Morphologically, Phytomyza impunita is very similar to other Ptochomyza in many external and male genitalic features, but it differs in a number of ways that allow for confident diagnosis. It is larger than other Ptochomyza (wing length 1.8–2.4 mm, not 1.7 mm or less) with a much more pronounced parafacial, the halter is brownish apically, the first flagellomere is small and slightly angulate (similar to P. czernyi — see Süss (2002: fig. 1)), the anterior genal setae are longer, the distiphallus is relatively long and undivided (Figs 9, 10), the postgonite is unique (Fig. 8), the hypandrium is very slender with an apical point (Fig. 7), and the epandrium has a bulge above the anus (Figs 4, 5) and one pair of very narrow dorsal stripes (entirely yellow in other species).
Among the rest of the subgenus, Phytomyza asparagi can be differentiated by usually having only a single notopleural seta medially on the notopleuron, the acrostichal setulae are usually in two rows, the pleuron is yellow with two spots on the katepisternum and meron, and the phallus is a simple membranous tube with a shorter distiphallus than that seen in the new species. Phytomyza asparagivora has an arista similar to the new species and the two notopleural setae are positioned posteriorly (although the posterior seta is positioned far above the anterior seta, not equidistant from the lateral margin of the sclerite), but the acrostichal setulae are only in two sparse rows, the distiphallus is bifid with one pair of minute floating sclerites apically in the membrane, and the pleuron is yellow with spots on the katepisternum and meron; this latter character is also seen in P. asparagi, which may be conspecific (Dempewolf 2004). Phytomyza czernyi (based on Spencer (1966)) has a uniformly grey scutum with the stripes sometimes partially evident, the pleuron is mostly dark, there is a wide brown stripe from the back of the head to the eye margin lateral to the vertical setae, the genal setae are absent and the distiphallus is bifid (see Süss (2002: figs 3–6)). Phytomyza mayeri (based on descriptions in Spencer (1966) and Süss (1977–1978)) has a slightly elongate and rounded first flagellomere with a darker outer surface, no acrostichal setulae (one setula possibly present), a fourth presutural dorsocentral, and partial fusion of the three scutal stripes; the phallus is long and undivided, similar to P. impunita, but the left section of the basiphallus is broken medially.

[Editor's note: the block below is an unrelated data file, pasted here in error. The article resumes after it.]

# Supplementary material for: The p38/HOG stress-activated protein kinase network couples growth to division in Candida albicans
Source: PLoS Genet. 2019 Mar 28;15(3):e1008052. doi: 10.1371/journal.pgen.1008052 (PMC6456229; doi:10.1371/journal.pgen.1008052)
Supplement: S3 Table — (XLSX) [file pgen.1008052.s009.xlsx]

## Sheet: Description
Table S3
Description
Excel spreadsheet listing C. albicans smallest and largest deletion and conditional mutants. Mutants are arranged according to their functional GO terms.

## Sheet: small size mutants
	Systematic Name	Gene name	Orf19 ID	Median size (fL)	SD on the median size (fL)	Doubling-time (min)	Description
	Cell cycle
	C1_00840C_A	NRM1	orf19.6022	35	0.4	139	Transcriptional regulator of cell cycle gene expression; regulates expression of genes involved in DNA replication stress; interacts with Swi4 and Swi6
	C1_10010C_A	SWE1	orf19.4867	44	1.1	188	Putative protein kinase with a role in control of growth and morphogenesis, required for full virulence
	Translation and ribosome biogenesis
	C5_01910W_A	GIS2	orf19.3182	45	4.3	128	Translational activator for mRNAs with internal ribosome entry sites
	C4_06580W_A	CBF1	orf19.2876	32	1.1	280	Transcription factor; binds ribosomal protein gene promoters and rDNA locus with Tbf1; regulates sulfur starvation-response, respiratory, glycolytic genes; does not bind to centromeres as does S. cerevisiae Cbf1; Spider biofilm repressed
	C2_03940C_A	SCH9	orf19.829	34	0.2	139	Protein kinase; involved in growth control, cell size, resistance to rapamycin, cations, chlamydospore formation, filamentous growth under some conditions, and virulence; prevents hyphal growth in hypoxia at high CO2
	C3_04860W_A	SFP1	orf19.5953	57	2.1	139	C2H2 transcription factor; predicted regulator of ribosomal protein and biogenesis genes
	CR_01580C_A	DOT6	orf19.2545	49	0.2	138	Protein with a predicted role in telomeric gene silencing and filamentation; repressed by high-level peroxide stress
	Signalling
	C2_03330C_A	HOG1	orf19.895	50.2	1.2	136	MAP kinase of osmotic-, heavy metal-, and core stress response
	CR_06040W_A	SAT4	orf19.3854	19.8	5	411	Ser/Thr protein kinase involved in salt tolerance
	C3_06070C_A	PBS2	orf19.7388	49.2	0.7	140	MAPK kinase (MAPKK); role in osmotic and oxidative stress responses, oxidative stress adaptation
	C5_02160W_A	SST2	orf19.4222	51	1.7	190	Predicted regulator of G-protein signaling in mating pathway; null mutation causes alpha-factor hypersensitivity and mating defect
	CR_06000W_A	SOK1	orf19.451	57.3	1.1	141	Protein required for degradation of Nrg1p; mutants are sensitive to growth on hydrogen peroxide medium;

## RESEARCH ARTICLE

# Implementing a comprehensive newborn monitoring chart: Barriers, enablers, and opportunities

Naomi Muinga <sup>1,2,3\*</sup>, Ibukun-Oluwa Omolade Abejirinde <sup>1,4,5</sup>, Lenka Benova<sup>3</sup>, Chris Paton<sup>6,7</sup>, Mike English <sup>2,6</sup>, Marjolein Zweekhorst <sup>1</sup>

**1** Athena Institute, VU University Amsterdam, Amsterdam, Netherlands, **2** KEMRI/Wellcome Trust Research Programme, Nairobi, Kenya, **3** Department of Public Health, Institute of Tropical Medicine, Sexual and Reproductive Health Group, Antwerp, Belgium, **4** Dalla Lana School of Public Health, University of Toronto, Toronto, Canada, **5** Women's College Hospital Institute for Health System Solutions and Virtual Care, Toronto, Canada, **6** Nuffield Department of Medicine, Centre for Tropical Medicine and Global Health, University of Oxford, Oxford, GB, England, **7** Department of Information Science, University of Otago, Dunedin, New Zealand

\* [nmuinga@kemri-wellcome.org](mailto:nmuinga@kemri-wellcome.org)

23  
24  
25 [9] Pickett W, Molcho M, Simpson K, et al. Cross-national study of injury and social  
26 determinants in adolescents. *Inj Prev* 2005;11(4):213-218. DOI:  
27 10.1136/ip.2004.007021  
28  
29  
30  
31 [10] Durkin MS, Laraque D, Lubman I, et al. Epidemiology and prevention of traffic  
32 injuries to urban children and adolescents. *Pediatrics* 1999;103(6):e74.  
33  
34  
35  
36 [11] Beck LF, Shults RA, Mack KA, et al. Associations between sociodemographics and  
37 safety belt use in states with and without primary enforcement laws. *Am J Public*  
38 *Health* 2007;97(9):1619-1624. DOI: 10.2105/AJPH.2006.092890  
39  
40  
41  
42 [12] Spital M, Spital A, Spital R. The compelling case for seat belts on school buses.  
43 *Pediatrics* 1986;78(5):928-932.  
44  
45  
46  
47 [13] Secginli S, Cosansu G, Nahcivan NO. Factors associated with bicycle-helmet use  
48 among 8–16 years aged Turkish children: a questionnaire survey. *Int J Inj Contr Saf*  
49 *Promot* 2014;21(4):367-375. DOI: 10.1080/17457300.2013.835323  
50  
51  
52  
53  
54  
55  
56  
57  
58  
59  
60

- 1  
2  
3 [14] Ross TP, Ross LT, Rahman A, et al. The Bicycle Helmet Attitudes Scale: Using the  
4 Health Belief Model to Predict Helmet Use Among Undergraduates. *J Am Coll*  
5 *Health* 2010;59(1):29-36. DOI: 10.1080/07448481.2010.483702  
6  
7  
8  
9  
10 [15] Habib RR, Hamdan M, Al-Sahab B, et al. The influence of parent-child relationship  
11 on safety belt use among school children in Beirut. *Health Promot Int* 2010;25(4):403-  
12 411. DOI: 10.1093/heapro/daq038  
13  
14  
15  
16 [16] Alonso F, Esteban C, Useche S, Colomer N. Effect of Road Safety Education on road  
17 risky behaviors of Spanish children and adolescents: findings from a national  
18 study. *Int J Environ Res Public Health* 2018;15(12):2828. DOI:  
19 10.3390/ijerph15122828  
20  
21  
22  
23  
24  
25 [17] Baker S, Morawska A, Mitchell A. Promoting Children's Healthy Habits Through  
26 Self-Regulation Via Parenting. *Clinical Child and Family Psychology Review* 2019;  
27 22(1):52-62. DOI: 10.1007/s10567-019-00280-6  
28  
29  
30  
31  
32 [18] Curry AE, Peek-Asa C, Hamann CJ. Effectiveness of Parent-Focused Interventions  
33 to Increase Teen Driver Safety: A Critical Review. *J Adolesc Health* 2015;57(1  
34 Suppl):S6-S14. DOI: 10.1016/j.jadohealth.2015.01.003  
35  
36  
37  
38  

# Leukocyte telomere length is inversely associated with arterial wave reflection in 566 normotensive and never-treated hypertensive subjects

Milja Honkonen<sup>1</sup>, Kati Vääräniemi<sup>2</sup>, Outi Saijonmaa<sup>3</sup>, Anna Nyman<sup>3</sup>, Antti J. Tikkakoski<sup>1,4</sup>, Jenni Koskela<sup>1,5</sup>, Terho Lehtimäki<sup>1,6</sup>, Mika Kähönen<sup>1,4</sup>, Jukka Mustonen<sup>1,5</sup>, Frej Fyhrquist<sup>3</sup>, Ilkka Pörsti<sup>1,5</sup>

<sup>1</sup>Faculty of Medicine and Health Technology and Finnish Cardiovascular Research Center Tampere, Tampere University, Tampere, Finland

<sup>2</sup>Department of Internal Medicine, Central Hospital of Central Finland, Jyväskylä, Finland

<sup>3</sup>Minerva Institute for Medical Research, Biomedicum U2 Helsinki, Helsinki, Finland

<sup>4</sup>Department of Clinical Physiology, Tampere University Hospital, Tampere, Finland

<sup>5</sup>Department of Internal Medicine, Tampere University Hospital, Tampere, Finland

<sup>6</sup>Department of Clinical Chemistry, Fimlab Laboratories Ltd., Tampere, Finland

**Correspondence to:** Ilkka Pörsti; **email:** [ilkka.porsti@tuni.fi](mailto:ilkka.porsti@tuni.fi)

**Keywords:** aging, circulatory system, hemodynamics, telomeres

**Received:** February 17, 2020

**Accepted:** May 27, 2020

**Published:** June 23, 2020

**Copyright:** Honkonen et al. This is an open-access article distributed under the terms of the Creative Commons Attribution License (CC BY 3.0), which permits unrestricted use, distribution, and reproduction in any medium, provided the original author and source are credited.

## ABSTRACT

The list of diagnostic characters and hosts presented here for previously described species is based largely on published descriptions, as well as limited material of Phytomyza asparagi and P. asparagivora, and should not be considered exhaustive. Full revision of the subgenus is recommended following more thorough investigation of the Palaearctic fauna.
A. Kirk-Spriggs collected and provided the material used in this study. Photographs were taken by C. Boudreault. An anonymous reviewer and M. von Tschirnhaus were valuable in developing the final version of this manuscript.
- Cerný, M. 2004. Amauromyza (Amauromyza) maltensis sp. n. (Diptera: Agromyzidae) with an account of agromyzid mining flies from the Republic of Malta. Folia heyrovskyana 12 (2–3): 85–104. Google Scholar
- Dempewolf, M. 2004. Arthropods of Economic Importance — Agromyzidae of the World (CD-ROM). ETI. University of Amsterdam, Amsterdam ( http://wbd.etibioinformatics.nl/bis/agromyzidae.php; accessed 18/12/2015). Google Scholar
- Hering, E.M. 1942. Ein neuer Spargelfeind. Die Zwerspargelfliege (Ptochomyza asparagi g. n., sp. n.). Zeitschrift für Pflanzenkrankheiten (Pflanzenpathologie) und Pflanzenschutz 52: 529–533. Google Scholar
- Hering, E.M. 1958. Stengelbewohnende Larven an Clematis recta (Dipt. Agromyzidae). Deutsche entomologische Zeitschrift (n.F.) 5: 72–78. Google Scholar
- Hering, E.M. 1967. Blattminen der Insel Hvar. Deutsche entomologische Zeitschrift (n.F.) 14: 1–80. Google Scholar
- Lonsdale, O. 2011. The Liriomyza (Agromyzidae: Schizophora: Diptera) of California. Zootaxa 2850: 1–123. Google Scholar
- Ostrauskas, H. , Pakalniškis, S. & Taluntytė, L. 2005. Bionomics of mining dipterans (Insecta, Diptera). XIII pasaulio lietuvių mokslo ir kūrybos simpoziumas. Vilnius, 30 June – 4 July, 2005. Teziu rinkinys: 325 [Conference abstract]. Google Scholar
- Scheffer, S.J. , Winkler, I.S. & Wiegmann, B.M. 2007. Phylogenetic relationships within the leaf-mining flies (Diptera: Agromyzidae) inferred from sequence data from multiple genes. Molecular Phylogenetics and Evolution 42 (3): 756–775. Google Scholar
- Spencer, K.A. 1964. Notes on the African Agromyzidae (Diptera): 5. Deutsche entomologische Zeitschrift (n.S.) 11: 15–41. Google Scholar
- Spencer, K.A. 1966. Notes on European Agromyzidae (Diptera): 1. Beiträge zur Entomologie 16 (3–4): 285–309. Google Scholar
- Spencer, K.A. 1973. Agromyzidae (Diptera) of economic importance. Series entomologica vol. 9. The Hague: W. Junk. Google Scholar
- Spencer, K.A. 1985. East African Agromyzidae (Diptera): further descriptions, revisionary notes and new records. Journal of Natural History 19 (5): 969–1027. Google Scholar
- Spencer, K.A. 1990. Host specialization in the world Agromyzidae (Diptera). Series entomologica vol. 45. Dordrecht: Kluwer Academic Publishers. Google Scholar
- Strobl, P.G. 1909. Neue österreichische Muscidae Acalypterae. II. Wiener entomologische Zeitung 28: 283–301. Google Scholar
- Süss, L. 1977–1978. Osservazioni su alcuni Agromyzidi poco noti o nuovi per l'entomofauna italiana (IV contributo alla conoscenza dei Ditteri Agromyzidi). Bollettino di Zoologia agraria e di Bachicoltura, Università degli Studi di Milano. Serie II 14: 145–164. Google Scholar
- Süss, L. 2002. Morphological and biological observations on Ptochomyza czernyi (Strobl) new for Italy. Bollettino di Zoologia Agraria e di Bachicoltura, Ser. II 34 (1): 17–23. Google Scholar
- Winkler, I.S. , Scheffer, S.J. & Mitter, C. 2009. Molecular phylogeny and systematics of leaf-mining flies (Diptera: Agromyzidae): Delimitation of Phytomyza Fallén sensu lato and included species groups, with new insights on morphological and host-use evolution. Systematic Entomology 34 (2): 260–292. Google Scholar